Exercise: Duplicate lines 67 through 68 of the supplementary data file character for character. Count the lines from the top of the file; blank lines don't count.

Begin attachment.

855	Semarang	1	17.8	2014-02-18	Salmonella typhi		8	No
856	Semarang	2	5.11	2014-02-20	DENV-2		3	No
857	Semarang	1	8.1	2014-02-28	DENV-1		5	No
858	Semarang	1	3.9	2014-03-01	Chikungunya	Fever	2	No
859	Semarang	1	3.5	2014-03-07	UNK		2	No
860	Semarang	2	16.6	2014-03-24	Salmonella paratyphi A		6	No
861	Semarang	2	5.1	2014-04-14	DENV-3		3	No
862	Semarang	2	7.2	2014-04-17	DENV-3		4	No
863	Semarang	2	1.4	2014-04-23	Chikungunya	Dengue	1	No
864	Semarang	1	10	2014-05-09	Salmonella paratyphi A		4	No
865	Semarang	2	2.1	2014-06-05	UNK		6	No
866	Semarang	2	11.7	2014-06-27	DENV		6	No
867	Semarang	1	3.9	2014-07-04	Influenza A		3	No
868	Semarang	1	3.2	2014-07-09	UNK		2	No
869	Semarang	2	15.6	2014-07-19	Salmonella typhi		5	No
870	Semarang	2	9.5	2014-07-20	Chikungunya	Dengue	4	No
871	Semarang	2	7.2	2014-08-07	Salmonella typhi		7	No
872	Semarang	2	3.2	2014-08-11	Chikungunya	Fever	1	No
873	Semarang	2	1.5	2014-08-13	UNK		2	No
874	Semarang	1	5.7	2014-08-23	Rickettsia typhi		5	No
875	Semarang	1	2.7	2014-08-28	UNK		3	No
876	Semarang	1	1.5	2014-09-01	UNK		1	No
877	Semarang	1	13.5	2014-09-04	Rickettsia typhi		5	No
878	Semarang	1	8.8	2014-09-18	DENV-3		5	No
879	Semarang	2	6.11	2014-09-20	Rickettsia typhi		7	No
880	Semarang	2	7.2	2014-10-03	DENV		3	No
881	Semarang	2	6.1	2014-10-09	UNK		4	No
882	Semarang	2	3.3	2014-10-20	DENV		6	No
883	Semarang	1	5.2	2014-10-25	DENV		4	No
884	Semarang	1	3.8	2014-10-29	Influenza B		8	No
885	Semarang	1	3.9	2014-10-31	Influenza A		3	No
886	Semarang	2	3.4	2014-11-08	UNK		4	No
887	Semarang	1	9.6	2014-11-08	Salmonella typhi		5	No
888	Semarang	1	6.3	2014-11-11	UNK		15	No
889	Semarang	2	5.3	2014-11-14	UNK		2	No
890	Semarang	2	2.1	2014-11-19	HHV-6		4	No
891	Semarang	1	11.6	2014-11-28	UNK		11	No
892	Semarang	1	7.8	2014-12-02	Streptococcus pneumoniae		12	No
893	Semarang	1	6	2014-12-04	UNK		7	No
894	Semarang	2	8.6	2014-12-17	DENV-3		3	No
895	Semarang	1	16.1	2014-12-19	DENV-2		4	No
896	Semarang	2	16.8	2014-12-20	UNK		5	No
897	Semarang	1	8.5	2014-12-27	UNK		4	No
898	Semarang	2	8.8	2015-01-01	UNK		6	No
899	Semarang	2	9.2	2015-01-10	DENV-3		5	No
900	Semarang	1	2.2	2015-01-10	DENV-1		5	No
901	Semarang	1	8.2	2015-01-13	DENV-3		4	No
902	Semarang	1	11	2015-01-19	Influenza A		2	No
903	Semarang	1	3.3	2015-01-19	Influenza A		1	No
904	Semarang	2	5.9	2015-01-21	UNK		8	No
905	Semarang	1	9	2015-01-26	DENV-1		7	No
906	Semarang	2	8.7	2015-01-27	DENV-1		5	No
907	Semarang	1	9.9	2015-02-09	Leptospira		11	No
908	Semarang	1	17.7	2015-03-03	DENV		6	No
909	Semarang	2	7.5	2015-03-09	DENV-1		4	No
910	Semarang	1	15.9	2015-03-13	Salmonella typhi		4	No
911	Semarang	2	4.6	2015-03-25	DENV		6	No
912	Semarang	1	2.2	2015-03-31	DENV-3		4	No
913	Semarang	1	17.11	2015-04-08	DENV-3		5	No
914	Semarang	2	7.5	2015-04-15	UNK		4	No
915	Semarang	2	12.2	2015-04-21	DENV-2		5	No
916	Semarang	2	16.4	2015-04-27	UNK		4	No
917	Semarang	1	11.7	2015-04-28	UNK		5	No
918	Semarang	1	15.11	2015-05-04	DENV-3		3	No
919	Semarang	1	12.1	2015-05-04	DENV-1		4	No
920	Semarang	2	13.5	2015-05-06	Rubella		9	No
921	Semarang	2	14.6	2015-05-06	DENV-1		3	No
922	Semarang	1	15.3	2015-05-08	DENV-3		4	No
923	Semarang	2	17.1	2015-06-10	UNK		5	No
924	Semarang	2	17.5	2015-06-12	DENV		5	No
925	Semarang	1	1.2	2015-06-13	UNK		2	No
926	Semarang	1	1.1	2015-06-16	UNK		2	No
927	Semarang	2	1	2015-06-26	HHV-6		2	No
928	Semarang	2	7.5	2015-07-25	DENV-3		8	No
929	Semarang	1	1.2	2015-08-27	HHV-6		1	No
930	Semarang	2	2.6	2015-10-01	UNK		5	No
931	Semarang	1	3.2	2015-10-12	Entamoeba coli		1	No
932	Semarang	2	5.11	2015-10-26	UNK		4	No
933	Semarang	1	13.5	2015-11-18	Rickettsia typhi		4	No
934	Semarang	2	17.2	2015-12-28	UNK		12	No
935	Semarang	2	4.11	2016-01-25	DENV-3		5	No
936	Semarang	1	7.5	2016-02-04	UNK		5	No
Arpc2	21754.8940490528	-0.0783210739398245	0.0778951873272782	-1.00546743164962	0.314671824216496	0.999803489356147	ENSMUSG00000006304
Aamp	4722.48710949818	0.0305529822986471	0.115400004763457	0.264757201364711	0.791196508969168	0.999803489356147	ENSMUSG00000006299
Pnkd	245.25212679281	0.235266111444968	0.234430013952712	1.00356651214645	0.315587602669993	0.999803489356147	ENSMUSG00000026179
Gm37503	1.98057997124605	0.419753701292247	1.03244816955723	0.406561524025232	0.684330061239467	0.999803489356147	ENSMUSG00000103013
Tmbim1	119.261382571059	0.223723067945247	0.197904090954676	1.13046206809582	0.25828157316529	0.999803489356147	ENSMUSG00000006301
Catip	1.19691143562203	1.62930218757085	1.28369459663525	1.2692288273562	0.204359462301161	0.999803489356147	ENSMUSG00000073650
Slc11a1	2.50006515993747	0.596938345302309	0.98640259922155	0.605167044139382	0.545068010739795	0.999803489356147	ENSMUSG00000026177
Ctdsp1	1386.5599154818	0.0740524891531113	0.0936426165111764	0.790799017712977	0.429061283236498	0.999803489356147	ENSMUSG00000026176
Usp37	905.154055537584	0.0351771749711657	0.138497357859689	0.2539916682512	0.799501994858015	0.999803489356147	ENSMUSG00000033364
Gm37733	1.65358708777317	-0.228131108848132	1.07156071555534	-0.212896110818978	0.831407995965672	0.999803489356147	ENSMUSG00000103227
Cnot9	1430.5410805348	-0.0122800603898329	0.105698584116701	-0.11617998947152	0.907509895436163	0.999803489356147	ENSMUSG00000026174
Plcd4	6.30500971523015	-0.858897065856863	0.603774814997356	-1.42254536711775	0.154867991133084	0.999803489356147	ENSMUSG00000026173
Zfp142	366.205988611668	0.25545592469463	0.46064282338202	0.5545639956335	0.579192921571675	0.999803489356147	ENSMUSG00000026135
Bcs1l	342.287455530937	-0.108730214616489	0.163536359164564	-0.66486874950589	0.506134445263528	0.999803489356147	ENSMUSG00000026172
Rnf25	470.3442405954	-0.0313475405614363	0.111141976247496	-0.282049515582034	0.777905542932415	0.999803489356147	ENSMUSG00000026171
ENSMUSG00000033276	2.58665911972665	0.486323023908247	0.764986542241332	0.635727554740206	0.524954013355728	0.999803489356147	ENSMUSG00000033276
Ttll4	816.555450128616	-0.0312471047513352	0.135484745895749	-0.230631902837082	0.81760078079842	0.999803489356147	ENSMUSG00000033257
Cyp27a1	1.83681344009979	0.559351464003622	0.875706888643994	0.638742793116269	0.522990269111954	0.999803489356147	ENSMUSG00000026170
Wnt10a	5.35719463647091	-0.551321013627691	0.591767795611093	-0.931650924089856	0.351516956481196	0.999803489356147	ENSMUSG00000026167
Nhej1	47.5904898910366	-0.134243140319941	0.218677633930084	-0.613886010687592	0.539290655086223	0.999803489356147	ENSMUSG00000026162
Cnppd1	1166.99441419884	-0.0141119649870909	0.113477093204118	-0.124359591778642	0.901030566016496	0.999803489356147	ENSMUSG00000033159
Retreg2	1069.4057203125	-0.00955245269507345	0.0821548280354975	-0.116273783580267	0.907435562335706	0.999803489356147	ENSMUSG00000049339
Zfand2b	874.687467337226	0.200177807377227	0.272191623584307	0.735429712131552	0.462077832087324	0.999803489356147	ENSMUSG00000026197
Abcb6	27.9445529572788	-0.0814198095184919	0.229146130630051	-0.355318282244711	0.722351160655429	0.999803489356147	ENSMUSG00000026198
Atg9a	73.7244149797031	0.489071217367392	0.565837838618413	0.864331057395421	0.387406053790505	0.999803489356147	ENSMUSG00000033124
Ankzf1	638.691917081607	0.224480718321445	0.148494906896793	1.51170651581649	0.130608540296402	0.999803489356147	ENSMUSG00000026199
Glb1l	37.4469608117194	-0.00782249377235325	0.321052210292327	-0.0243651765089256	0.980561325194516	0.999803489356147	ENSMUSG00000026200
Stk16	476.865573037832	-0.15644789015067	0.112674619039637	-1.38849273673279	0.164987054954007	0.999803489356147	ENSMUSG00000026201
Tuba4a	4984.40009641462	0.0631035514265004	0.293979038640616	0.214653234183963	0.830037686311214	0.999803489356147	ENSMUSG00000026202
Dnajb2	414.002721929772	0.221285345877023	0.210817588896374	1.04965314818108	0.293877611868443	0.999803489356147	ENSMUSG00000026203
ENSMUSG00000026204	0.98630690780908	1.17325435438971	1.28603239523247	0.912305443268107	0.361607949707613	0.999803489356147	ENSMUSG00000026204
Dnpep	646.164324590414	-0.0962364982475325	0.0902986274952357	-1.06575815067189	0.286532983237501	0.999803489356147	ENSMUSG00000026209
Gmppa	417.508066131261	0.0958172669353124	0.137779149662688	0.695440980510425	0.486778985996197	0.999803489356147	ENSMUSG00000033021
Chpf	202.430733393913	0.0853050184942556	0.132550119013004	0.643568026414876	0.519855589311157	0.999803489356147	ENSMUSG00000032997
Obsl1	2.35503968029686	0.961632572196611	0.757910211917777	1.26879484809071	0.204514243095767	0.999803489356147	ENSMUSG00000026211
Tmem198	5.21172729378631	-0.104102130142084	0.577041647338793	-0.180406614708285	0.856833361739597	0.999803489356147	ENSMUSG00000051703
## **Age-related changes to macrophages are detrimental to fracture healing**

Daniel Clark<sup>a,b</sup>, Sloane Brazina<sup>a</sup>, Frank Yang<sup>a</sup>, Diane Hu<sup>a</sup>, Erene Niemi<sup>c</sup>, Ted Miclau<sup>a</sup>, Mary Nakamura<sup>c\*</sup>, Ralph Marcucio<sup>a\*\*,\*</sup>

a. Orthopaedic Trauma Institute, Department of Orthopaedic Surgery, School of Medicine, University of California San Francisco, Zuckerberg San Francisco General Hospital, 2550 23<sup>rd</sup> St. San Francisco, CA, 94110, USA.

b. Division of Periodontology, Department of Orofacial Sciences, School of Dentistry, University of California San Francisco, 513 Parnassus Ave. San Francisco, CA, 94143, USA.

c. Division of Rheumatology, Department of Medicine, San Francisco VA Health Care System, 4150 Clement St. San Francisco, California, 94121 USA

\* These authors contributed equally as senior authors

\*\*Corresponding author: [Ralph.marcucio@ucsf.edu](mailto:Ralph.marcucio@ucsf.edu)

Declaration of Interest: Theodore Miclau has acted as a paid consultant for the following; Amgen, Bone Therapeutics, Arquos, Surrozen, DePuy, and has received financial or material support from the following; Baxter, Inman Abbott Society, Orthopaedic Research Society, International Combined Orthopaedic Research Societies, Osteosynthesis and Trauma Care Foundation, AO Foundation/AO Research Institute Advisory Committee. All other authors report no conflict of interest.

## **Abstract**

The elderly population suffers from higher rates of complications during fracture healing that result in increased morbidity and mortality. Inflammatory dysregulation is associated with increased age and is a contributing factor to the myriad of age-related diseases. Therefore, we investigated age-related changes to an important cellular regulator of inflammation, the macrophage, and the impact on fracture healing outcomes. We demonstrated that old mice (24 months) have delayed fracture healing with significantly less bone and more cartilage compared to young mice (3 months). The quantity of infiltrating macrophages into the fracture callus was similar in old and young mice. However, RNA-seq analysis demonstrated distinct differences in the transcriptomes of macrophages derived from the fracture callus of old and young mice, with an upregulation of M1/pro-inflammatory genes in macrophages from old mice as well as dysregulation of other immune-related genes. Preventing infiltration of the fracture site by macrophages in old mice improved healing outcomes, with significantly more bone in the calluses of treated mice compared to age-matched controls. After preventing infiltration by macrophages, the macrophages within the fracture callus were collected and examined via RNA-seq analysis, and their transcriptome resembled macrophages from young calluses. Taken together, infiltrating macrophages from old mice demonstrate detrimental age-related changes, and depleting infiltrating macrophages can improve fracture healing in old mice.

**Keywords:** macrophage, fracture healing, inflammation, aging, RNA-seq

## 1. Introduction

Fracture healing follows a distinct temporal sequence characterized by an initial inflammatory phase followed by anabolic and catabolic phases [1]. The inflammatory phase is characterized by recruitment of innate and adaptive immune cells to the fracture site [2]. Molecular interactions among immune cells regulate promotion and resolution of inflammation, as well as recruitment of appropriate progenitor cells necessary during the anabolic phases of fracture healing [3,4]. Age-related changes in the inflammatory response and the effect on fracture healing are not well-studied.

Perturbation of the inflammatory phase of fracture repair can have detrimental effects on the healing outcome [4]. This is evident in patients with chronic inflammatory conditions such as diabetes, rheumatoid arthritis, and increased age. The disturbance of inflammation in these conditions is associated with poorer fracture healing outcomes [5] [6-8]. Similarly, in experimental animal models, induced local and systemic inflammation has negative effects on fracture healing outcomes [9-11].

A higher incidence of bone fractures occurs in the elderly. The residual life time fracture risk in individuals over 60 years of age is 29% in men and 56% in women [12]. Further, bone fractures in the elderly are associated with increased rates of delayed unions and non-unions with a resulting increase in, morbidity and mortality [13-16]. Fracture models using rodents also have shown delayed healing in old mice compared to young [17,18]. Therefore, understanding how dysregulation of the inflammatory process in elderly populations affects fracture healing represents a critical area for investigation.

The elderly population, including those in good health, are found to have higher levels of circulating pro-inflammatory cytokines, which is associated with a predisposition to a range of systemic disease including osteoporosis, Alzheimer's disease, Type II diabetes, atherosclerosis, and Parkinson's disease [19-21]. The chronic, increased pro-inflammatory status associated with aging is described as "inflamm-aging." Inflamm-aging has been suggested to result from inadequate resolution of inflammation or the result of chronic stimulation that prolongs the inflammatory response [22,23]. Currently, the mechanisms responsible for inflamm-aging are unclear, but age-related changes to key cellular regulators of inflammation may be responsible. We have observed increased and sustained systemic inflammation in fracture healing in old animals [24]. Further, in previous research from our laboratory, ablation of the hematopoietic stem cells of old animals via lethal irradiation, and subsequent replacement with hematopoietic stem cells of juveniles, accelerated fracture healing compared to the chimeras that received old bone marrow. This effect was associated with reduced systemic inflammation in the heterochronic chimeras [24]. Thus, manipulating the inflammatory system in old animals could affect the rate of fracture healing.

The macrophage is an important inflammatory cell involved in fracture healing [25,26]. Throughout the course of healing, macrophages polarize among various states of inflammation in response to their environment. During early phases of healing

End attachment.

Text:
921	Semarang	2	14.6	2015-05-06	DENV-1		3	No
922	Semarang	1	15.3	2015-05-08	DENV-3		4	No